The Repeal of the Despised Parking Tax – A Quick End to a Long Two Years
By Frank Smith, National Nonprofit Tax Leader
As we reported in our Tax Flash dated November 17, 2019, the Tax Extender Bill signed by President Trump included the full and retroactive repeal and the elimination of the tax imposed on qualified transportation benefits, otherwise known as “the parking tax.”
The IRS has now issued guidance for tax-exempt organizations claiming a refund or credit of unrelated business income taxes paid due to the revisions to this law. To claim a refund or credit of the tax originally reported on Form 990-T, the IRS states that organizations should file an amended Form 990-T for the year in which the tax was paid and provides specific guidance depending on the year being amended.
This brings an end to one of the most controversial tax topics that has faced nonprofit organizations in many years. When the Tax Cut and Jobs Act (TCJA) was enacted at the end of 2017, there was a lot of discussion about the potential impact to nonprofit organizations.
As the TCJA was being negotiated and up until its final release, lawmakers were trying to reduce the corporate tax rate as far as possible. One such solution was a provision related to the denial of a deduction for certain qualified transportation benefits paid on behalf of corporate employees. A question was raised as to whether or not it would be fair to deny a deduction to a taxable corporation when a nonprofit next door was not subject to such a restriction. A solution was quickly agreed to…and the parking tax was born.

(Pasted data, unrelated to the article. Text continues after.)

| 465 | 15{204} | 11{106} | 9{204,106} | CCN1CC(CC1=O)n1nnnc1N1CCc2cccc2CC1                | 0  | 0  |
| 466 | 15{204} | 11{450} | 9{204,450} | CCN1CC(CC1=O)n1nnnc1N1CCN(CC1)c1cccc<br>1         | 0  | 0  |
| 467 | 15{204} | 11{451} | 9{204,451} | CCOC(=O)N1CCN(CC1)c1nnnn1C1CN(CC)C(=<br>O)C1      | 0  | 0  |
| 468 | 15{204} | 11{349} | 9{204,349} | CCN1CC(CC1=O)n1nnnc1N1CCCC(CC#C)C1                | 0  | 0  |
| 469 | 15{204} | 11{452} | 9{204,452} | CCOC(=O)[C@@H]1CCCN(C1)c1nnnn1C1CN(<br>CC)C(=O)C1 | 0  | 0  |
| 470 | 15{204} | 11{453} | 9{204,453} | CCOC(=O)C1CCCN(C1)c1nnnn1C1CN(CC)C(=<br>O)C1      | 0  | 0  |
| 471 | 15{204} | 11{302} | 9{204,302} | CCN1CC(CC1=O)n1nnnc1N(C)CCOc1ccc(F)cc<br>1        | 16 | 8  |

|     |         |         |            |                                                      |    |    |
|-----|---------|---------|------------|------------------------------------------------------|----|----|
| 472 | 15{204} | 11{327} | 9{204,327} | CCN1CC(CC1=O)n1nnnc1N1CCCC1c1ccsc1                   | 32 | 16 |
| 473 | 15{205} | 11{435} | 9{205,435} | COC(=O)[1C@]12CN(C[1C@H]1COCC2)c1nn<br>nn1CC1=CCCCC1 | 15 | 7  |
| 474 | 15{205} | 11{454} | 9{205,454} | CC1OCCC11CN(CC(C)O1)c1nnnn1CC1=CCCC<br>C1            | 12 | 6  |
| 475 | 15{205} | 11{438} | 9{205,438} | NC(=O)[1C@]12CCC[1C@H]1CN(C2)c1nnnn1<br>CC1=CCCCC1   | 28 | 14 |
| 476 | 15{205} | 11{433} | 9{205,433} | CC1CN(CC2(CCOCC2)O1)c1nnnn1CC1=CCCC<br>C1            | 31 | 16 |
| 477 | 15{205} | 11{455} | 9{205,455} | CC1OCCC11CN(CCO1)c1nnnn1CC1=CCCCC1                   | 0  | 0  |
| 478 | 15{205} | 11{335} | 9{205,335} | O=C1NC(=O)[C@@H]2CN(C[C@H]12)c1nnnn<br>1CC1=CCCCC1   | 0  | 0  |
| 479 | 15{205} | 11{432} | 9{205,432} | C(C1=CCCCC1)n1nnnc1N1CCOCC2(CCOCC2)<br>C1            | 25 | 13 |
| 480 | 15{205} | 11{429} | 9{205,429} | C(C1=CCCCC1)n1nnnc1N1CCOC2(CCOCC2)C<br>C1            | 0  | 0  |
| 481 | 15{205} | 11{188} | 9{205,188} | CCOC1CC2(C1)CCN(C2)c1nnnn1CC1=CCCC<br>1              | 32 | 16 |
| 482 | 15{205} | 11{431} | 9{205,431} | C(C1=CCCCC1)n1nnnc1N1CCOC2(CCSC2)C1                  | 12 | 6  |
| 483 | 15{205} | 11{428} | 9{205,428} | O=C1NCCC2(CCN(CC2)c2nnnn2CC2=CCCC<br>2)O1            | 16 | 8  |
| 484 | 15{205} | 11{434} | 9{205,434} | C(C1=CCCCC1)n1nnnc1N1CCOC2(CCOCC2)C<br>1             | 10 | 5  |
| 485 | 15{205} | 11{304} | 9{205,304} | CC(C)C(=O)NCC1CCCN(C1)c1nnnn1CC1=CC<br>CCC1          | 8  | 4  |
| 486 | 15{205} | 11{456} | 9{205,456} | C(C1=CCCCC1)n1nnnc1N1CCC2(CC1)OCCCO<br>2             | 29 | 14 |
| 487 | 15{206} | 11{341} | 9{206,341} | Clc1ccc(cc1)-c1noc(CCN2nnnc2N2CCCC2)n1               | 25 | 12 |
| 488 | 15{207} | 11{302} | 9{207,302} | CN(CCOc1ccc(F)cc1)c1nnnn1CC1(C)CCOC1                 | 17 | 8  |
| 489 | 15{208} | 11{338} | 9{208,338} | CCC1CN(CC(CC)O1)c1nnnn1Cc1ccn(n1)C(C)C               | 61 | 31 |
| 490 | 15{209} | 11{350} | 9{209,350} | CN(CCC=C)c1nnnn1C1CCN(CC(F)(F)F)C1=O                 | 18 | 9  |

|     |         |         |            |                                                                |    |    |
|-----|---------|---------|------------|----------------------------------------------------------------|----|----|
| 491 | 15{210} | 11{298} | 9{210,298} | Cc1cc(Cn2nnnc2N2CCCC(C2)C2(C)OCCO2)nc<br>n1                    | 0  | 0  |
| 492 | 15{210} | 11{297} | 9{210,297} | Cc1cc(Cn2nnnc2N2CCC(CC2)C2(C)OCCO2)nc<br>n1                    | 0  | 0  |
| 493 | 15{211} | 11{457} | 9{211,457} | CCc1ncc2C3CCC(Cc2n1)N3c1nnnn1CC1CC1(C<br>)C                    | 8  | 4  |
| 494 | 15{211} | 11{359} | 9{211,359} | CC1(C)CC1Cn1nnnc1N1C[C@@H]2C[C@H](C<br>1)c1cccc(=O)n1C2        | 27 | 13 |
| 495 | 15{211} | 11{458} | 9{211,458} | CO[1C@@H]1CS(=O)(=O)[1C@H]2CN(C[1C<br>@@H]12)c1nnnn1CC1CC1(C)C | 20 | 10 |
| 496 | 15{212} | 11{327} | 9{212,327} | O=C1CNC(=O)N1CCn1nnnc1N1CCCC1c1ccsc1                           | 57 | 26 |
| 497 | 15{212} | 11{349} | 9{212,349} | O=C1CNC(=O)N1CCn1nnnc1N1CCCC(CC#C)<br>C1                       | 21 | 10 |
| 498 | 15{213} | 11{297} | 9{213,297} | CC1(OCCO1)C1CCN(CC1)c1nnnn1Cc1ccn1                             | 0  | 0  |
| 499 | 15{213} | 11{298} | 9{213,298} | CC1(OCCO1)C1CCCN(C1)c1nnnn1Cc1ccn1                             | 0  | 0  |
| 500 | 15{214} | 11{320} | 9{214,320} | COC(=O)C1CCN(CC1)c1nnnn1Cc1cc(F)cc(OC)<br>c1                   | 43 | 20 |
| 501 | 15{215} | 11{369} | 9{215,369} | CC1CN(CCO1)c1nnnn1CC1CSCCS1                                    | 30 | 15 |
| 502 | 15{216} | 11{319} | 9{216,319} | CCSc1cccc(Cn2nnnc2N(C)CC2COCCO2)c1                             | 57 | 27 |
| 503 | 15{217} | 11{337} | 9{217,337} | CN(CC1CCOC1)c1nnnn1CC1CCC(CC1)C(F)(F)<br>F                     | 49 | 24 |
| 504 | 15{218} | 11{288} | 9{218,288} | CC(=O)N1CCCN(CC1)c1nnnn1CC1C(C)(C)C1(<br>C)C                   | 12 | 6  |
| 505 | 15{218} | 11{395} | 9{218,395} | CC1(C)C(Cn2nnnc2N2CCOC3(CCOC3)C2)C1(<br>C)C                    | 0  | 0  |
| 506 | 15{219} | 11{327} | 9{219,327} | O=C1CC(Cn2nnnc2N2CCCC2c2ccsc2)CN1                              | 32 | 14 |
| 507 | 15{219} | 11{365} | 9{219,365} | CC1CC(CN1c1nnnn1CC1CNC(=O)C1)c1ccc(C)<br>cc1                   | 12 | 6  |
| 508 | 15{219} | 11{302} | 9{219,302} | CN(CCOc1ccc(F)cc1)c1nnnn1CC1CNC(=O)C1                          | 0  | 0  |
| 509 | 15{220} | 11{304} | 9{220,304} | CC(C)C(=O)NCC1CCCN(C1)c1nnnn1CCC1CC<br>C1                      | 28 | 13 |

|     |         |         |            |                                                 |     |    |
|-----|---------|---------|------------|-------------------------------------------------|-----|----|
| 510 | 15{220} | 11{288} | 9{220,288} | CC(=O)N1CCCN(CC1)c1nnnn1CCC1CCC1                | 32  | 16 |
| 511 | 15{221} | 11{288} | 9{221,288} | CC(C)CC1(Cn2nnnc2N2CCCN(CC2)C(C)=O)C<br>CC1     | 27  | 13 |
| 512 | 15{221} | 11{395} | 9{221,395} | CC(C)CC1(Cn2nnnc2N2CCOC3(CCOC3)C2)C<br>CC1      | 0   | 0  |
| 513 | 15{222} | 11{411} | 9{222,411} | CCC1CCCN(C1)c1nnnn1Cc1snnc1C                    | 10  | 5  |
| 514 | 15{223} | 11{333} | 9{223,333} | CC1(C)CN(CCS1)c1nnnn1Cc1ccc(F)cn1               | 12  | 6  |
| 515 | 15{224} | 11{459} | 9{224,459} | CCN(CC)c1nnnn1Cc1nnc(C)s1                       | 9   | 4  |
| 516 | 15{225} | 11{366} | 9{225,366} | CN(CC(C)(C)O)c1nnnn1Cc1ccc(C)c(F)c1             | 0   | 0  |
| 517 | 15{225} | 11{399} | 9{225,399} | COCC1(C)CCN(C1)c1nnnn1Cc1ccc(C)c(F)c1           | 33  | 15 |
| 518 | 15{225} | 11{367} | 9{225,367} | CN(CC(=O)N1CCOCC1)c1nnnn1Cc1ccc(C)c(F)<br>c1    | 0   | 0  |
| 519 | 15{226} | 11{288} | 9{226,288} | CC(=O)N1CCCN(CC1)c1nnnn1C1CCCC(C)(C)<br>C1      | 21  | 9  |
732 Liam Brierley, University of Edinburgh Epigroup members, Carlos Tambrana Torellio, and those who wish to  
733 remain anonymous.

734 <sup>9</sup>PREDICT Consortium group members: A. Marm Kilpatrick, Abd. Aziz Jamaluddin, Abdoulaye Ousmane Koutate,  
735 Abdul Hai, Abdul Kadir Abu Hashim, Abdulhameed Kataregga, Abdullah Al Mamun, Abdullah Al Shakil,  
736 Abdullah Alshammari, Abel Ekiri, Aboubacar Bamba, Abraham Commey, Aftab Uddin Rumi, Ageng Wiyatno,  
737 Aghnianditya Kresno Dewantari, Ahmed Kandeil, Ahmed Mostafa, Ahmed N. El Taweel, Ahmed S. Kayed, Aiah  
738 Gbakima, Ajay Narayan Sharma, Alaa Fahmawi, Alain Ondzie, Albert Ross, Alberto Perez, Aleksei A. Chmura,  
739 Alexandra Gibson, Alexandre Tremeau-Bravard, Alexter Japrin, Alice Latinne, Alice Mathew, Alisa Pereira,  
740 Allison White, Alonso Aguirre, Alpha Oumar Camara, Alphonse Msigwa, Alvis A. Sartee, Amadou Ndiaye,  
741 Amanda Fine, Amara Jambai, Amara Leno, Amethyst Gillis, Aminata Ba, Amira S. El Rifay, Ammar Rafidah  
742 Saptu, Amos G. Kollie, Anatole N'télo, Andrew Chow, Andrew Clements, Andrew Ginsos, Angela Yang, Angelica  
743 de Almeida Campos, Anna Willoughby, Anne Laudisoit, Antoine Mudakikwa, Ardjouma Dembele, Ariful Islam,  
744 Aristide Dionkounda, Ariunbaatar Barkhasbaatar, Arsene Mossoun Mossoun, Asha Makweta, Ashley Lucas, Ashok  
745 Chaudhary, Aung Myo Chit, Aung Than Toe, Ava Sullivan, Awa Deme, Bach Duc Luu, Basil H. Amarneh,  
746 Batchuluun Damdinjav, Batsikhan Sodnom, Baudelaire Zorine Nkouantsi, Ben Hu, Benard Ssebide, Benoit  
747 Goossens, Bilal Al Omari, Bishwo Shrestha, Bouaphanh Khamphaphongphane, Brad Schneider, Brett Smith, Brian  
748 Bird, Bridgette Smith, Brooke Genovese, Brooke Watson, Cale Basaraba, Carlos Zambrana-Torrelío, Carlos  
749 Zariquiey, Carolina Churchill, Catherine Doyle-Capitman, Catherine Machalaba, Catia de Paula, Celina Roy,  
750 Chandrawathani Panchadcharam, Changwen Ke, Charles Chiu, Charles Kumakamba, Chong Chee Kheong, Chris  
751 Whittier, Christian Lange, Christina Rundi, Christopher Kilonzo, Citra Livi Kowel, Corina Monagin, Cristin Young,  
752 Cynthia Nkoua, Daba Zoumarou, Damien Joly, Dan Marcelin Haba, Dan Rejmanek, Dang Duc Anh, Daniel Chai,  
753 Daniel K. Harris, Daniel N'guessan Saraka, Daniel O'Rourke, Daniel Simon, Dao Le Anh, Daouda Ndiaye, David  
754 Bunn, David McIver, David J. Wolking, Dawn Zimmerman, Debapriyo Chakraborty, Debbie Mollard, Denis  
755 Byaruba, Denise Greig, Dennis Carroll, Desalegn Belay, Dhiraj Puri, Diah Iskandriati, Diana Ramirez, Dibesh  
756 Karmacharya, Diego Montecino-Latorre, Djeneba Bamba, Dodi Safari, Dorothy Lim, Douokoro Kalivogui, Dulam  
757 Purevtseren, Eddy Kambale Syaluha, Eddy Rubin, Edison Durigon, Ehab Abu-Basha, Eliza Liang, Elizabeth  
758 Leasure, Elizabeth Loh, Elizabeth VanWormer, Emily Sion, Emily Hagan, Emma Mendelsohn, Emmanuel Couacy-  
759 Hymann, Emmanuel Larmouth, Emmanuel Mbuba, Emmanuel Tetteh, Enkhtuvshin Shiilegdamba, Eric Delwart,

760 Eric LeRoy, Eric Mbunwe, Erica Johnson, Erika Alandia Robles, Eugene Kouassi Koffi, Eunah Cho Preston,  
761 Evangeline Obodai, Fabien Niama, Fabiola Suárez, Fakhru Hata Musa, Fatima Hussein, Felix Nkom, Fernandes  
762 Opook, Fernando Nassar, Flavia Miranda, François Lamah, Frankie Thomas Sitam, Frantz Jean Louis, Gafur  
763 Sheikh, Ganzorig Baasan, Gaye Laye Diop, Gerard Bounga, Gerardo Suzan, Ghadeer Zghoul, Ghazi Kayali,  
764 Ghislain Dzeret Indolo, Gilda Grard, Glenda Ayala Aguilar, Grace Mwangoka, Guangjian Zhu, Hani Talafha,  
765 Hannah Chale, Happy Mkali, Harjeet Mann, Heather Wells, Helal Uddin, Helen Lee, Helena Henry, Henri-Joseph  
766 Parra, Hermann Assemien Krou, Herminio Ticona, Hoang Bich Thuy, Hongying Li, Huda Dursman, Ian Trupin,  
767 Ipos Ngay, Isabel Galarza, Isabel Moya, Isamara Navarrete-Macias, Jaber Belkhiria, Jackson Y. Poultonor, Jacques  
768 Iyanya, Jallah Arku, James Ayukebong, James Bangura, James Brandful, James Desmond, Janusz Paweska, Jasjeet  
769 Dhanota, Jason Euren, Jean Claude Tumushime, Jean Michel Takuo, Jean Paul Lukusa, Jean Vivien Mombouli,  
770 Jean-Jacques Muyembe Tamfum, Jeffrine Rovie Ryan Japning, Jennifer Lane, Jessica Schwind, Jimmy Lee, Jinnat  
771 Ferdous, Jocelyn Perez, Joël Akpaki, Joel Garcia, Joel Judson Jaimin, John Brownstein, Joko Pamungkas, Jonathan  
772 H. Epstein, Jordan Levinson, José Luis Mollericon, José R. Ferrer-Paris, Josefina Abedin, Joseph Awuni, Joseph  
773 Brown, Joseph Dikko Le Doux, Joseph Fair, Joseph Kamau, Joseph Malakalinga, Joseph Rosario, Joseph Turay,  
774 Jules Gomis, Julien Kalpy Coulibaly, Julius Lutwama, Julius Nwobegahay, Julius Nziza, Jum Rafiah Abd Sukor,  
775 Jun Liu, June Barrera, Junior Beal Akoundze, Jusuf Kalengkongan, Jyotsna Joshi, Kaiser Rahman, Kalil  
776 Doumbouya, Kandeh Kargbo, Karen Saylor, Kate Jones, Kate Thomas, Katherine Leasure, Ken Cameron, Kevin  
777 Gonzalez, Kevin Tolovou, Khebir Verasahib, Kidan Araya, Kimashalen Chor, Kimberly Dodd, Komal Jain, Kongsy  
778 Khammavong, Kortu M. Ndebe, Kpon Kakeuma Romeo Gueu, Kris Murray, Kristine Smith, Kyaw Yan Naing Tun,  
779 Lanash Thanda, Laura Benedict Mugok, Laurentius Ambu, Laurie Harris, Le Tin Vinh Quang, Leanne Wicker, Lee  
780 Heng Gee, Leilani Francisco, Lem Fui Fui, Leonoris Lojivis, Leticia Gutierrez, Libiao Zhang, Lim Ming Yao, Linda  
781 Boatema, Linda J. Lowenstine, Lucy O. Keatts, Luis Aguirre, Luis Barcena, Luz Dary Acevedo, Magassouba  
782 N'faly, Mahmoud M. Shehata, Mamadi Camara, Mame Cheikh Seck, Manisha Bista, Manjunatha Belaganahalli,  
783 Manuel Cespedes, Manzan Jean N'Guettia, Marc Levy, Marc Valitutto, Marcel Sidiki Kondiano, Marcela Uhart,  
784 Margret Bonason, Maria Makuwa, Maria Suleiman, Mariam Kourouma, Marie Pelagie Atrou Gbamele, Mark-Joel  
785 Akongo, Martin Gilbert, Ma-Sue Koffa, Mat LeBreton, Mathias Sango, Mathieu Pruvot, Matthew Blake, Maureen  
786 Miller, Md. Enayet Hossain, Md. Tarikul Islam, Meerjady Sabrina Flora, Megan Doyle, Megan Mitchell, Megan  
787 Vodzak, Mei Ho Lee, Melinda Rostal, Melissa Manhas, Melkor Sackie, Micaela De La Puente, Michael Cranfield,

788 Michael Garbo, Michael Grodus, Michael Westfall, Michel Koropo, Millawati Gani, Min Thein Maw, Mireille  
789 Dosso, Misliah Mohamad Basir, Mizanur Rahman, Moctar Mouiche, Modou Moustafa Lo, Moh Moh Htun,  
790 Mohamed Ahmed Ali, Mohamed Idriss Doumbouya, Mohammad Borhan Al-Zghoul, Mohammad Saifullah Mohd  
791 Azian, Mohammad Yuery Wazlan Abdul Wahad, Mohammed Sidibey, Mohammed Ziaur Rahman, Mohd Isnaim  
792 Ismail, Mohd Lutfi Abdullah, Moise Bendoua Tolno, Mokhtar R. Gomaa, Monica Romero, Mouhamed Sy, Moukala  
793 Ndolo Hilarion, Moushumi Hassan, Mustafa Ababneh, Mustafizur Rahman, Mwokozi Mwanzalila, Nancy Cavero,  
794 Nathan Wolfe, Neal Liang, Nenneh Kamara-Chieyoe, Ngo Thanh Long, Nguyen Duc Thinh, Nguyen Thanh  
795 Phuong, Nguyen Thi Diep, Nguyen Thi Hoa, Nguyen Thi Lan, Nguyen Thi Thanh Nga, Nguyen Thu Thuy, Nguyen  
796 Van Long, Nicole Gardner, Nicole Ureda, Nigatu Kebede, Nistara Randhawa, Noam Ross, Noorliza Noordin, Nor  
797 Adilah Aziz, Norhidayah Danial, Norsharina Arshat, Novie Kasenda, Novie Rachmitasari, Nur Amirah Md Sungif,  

For the next two years, the entire nonprofit industry struggled to understand this new tax. It was not part of an activity unrelated to the organization, it was not a trade or business, and it wasn’t even income, and yet it was an amount added to the unrelated business income of the nonprofit organization and taxed at the full 21% corporate tax rate.
During the following two years, there were constant discussions at every nonprofit tax conference as well as meetings between nonprofit organizations and their advisers. The entire industry mobilized and reached out to legislators on both sides of the aisle in Congress. However, due to the political divisions in Washington, there was little hope that a repeal would happen any time soon. In meetings just weeks before the tax extender bill was proposed and passed, the IRS and congressional staff were not optimistic anything would change until after the 2020 elections.
This all changed when an early Christmas present seemed to come from nowhere, and the controversial parking tax was retroactively repealed—wiped off the books as if had never been passed. While the cleanup will continue over the next several months as we work with our nonprofit clients to request refunds, the entire nonprofit industry can breathe a deep sigh of relief that one of the most illogical tax laws has been repealed and removed from the tax code.
Contact your Marcum tax advisors to determine if your organization is eligible to receive a refund related to the reversal of this tax.